After growing rapidly during the Patent Conference's first two years in existence, attendance exceeded 200, setting a new high-water mark.  Marquee events included an opening address by Judge Richard Linn of the Court of Appeals for the Federal Circuit (an unofficial supreme court of patent law), a star panel composed of Prof. Mark Lemley, James Malackowski, and Prof. David Abram, and a terrific debate between Judge Richard Posner and Prof. Richard Epstein. The rest of the conference consists of the latest scholarly research on patent law, with presentations from about 50 leading patent scholars.  Here are the PatCon schedules for April 12 and April 13, 2013.

Patents, Innovation, And Freedom To Use Ideas

On Thursday, April 11, 2013, Loyola University Chicago Law Journal held their annual symposium, entitled "Patents, Innovation & Freedom to Use Ideas."  Here is the symposium brochure.  I was honored to be invited to present research on design patent law my talented co-author, design patent law expert William J. Seymour, and I have recently done. Here is the official description of the symposium:
Under the Constitution, the justification for a patent system—if there is one—is to advance the public welfare by promoting the progress of science. The Constitution authorizes a possible means to accomplish this goal by providing Congress the power to grant limited exclusive rights to those who sufficiently advance the public welfare through innovation. Our Conference will provide a forum for nationally recognized scholars and judges to discuss the trade-off between two interests of the public: the interest in development of new ideas and the interest in freedom to use ideas. The patent system is intended to serve the former, but imposes a cost on the latter. More specifically, the Conference will explore whether the added innovation achieved by the patent system justifies its cost to society, whether it operates within the Constitution’s requirements, and whether improvements can be made or if instead a different system, or no system at all, might be a better option.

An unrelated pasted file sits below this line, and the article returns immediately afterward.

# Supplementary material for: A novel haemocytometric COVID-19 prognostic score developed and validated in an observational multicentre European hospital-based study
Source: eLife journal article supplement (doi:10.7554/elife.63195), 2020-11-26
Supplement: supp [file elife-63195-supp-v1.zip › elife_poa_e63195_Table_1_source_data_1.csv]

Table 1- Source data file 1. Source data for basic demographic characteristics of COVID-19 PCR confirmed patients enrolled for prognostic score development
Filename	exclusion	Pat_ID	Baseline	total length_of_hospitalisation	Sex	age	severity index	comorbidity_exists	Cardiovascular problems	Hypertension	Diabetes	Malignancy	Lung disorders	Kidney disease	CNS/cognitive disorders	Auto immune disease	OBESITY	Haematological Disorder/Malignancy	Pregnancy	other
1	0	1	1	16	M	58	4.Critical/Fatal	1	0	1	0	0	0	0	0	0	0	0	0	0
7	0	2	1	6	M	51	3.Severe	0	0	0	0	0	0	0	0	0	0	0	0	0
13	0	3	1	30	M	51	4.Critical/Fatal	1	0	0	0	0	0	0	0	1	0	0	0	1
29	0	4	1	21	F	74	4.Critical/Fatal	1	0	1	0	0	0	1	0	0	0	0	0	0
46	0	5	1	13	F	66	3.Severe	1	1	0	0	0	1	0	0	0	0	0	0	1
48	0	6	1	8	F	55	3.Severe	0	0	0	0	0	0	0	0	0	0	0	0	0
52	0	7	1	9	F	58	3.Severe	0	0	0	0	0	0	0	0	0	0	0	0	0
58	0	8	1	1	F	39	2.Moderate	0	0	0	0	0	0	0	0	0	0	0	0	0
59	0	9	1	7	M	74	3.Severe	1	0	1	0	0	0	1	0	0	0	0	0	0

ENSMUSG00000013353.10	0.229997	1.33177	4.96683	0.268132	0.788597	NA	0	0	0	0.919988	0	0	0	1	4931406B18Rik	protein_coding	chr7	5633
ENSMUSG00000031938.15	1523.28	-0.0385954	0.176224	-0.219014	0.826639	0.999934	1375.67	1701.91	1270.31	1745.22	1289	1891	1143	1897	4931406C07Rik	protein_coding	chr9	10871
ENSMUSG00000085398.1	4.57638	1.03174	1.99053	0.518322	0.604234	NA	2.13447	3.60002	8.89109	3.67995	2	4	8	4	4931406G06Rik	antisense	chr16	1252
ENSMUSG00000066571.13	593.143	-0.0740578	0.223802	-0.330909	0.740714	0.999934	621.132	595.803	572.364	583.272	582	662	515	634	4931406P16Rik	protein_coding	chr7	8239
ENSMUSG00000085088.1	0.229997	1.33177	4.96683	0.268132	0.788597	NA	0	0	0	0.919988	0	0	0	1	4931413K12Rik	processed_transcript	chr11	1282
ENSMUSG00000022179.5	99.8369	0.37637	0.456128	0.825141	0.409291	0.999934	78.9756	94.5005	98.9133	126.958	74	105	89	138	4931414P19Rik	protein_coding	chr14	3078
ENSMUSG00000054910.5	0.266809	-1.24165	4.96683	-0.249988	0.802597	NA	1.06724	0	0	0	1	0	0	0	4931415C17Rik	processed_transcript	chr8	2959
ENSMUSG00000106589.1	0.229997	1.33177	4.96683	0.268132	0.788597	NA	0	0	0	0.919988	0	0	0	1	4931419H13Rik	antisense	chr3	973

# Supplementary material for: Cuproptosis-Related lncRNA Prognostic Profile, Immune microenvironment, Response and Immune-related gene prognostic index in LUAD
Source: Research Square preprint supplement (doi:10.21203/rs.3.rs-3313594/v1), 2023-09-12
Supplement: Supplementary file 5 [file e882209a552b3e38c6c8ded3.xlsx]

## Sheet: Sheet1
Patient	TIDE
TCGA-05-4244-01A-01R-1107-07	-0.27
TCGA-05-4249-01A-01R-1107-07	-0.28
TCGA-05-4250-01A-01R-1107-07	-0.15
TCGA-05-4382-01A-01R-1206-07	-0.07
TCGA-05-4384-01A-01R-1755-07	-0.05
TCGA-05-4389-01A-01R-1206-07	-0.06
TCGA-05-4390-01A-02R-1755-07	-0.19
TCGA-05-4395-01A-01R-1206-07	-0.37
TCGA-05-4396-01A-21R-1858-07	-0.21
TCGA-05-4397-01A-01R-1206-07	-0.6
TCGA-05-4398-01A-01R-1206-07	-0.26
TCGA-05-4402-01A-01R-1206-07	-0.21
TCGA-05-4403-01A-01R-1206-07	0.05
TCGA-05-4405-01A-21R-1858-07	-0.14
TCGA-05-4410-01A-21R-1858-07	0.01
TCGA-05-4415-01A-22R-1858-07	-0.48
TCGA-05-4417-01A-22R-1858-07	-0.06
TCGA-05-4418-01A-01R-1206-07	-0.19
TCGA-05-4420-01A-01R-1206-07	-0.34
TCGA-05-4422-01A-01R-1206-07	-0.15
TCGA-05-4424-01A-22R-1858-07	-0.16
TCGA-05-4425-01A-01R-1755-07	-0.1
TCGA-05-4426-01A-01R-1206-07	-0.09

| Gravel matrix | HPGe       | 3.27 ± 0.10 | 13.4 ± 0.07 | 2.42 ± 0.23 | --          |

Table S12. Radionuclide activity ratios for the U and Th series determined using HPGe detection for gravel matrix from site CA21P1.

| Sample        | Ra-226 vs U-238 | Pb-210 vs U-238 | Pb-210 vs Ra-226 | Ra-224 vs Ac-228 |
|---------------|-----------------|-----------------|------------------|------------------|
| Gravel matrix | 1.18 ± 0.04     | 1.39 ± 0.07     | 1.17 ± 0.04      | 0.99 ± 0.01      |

My presentation was based on our paper, (R)evolution in Design Patentable Subject Matter: the Shifting Meaning of "Article of Manufacture, which highlights how unsettled the "article of manufacture" requirement of design patent law remains, especially with respect to computer-generated imagery, such as app icons on an smartphone or tablet.

Wednesday, April 10, 2013

Steaking Claims

How can one avoid infringing a patent? Becoming vegetarian might help. A patent application claiming both a new steak - the "Vegas Strip Steak" - and methods of preparing it was published on April 4, 2013, by the World Intellectual Property Organization. Here are the first two claims of patent application WO2013048839:
1. A method of preparing a cut of meat, wherein is provided at least a portion of a Subscapularis muscle having some amount of lean tissue, fat tissue, and connective tissue, wherein said at least a portion of said Subscapularis muscle has a cranial side, a caudal side, a ventral end, a dorsal end, a medial surface and a lateral surface, comprising the steps of:
trimming from said cranial side, said caudal side, said ventral end, said dorsal end said medial surface and said lateral surface at least a portion of said lean tissue, said fat tissue, and said connective tissue, thereby preparing said cut of meat. 
2. A meat product produced by the method of Claim 1.
Whether or not this claims similar to those in this patent application will eventually issue in a patent is unclear. If such a patent does issue, expect opponents of patent silliness to have a cow.  However, a meatier issue is how the product of the patent tastes.  Will the Vegas Strip Steak be heavy or (neon) light tasting?  Will diners fond of more established cuts, such as filet mignon, porterhouse, Kansas City, and sirloin gamble on this innovation?  Will suppliers of existing steaks have a beef with this new variety?  The Vegas Strip Steak is obviously in for a serious grilling.